Ocean Acidification

Ocean acidification represents a growing threat to marine life. This phenomenon, resulting from the increased absorption of carbon dioxide (CO2) by the oceans, poses a challenge to marine ecosystems and biodiversity.

The carbon dioxide released by the burning of fossil fuels impacts not only the atmosphere but also the oceans, with up to a third of it being absorbed by them. In fact, nearly half of the CO2 generated in the last 200 years has been incorporated into the oceans. Therefore, when CO2 dissolves in water, it forms carbonic acid, reducing the ocean’s pH and creating a more acidic environment.

On one hand, this acidification alters the chemical balance of the oceans, affecting a wide range of marine organisms, from phytoplankton and corals to mollusks and fish. The reduction in pH makes it difficult for the formation of calcium carbonate shells and skeletons, which are essential for many marine species, weakening their resilience and survival.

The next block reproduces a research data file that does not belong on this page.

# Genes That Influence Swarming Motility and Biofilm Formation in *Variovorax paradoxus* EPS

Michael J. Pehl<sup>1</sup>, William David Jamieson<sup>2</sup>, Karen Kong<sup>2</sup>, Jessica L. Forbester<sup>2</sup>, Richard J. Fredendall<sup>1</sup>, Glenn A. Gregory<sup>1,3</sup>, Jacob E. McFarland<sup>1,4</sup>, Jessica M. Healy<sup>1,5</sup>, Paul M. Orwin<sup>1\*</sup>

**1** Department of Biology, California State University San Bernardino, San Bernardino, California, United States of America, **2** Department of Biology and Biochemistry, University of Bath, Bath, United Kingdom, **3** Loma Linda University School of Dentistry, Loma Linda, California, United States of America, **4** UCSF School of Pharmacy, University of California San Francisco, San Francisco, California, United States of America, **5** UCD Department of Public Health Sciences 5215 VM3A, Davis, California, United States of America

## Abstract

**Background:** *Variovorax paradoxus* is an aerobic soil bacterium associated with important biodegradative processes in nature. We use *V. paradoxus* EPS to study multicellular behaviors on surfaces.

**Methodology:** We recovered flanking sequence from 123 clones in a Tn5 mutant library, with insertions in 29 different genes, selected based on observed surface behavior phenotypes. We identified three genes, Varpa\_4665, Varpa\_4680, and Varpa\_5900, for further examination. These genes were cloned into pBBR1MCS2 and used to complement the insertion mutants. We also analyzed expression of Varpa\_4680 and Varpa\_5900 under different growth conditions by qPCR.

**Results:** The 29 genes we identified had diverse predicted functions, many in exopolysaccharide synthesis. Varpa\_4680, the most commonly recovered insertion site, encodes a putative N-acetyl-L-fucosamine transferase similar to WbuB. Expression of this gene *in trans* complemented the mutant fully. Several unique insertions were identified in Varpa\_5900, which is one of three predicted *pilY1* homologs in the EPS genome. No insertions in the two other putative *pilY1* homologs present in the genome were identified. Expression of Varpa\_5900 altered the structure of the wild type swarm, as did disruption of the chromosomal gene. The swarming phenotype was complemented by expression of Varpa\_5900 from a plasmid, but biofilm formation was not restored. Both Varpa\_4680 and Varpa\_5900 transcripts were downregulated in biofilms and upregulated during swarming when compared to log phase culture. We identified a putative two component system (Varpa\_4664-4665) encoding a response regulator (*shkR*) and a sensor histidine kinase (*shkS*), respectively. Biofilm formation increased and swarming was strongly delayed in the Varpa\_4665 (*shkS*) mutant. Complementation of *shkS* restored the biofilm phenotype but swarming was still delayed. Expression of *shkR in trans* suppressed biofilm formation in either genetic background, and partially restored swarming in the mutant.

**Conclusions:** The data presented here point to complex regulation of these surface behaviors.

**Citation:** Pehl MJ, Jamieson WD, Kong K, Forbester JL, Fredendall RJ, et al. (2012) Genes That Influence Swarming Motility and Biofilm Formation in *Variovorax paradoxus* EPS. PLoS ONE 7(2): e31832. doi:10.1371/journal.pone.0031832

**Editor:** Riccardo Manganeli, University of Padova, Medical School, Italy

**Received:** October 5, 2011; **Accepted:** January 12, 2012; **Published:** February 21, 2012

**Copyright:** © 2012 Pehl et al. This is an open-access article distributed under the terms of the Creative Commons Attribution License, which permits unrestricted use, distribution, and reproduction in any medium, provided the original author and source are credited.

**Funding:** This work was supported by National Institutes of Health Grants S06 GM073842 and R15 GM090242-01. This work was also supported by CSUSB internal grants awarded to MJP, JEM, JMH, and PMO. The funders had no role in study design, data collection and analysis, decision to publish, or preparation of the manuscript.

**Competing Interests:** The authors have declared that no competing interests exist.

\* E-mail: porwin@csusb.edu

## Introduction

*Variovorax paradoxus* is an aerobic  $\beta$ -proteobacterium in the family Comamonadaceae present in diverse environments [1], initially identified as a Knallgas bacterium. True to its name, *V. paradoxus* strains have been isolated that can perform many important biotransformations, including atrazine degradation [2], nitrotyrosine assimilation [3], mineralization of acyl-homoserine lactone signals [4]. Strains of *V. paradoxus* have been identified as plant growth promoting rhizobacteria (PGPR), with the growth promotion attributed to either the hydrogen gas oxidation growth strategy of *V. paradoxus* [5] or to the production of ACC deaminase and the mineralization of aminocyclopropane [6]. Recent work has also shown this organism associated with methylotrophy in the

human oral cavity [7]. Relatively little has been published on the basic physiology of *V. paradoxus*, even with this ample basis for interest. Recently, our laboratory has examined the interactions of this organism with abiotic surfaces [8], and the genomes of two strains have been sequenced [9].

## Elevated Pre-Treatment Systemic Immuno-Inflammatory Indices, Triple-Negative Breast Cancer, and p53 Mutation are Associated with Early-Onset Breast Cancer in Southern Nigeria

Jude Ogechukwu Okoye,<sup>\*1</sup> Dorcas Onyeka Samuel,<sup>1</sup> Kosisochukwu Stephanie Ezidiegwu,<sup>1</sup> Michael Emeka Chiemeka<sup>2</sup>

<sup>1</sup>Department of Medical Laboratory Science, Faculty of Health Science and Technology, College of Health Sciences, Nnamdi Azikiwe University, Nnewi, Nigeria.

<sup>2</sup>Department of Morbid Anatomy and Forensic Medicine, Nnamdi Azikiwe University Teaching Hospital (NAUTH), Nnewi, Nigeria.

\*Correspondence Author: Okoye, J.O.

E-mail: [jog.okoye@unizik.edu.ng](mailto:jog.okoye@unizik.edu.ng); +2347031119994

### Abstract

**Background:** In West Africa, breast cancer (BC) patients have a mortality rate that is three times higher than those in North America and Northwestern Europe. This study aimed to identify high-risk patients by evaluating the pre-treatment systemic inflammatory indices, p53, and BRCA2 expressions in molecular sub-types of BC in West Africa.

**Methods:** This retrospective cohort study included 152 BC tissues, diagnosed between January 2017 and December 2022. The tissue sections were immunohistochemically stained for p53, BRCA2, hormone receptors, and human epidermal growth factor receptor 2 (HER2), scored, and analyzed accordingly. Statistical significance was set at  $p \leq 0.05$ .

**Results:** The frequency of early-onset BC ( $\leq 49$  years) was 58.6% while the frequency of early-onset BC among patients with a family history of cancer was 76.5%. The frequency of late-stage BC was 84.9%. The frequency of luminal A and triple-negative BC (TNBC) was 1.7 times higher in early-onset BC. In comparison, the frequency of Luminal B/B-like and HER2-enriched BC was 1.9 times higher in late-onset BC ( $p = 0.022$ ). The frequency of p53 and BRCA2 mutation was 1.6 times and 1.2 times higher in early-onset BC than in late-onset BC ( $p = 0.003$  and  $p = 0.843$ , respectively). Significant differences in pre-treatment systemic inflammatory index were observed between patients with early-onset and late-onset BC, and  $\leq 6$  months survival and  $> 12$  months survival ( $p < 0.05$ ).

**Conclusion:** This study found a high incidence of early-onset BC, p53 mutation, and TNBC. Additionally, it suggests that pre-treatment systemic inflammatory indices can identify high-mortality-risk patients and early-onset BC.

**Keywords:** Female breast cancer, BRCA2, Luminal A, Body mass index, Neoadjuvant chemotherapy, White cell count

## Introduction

Thus, coral reefs, cradles of marine biodiversity, are particularly vulnerable. Acidification hampers their growth and survival, exacerbating the threat they already face due to global warming and pollution. Additionally, the marine food chain is also threatened. Organisms such as crabs, clams, and oysters, key to commercial fishing, may experience difficulties in development and reproduction. This directly affects communities that rely on fishing as a source of food and economic livelihood.

Therefore, protecting these vital ecosystems not only preserves marine biodiversity but also safeguards the food security and livelihoods of millions of people worldwide. Global actions are needed to limit carbon dioxide emissions. Transitioning to renewable energy sources and reducing the use of fossil fuels are essential steps to decrease acidification. Moreover, protecting and restoring coastal ecosystems, such as mangroves and marshes, will be indispensable to help absorb CO2 and mitigate local acidification.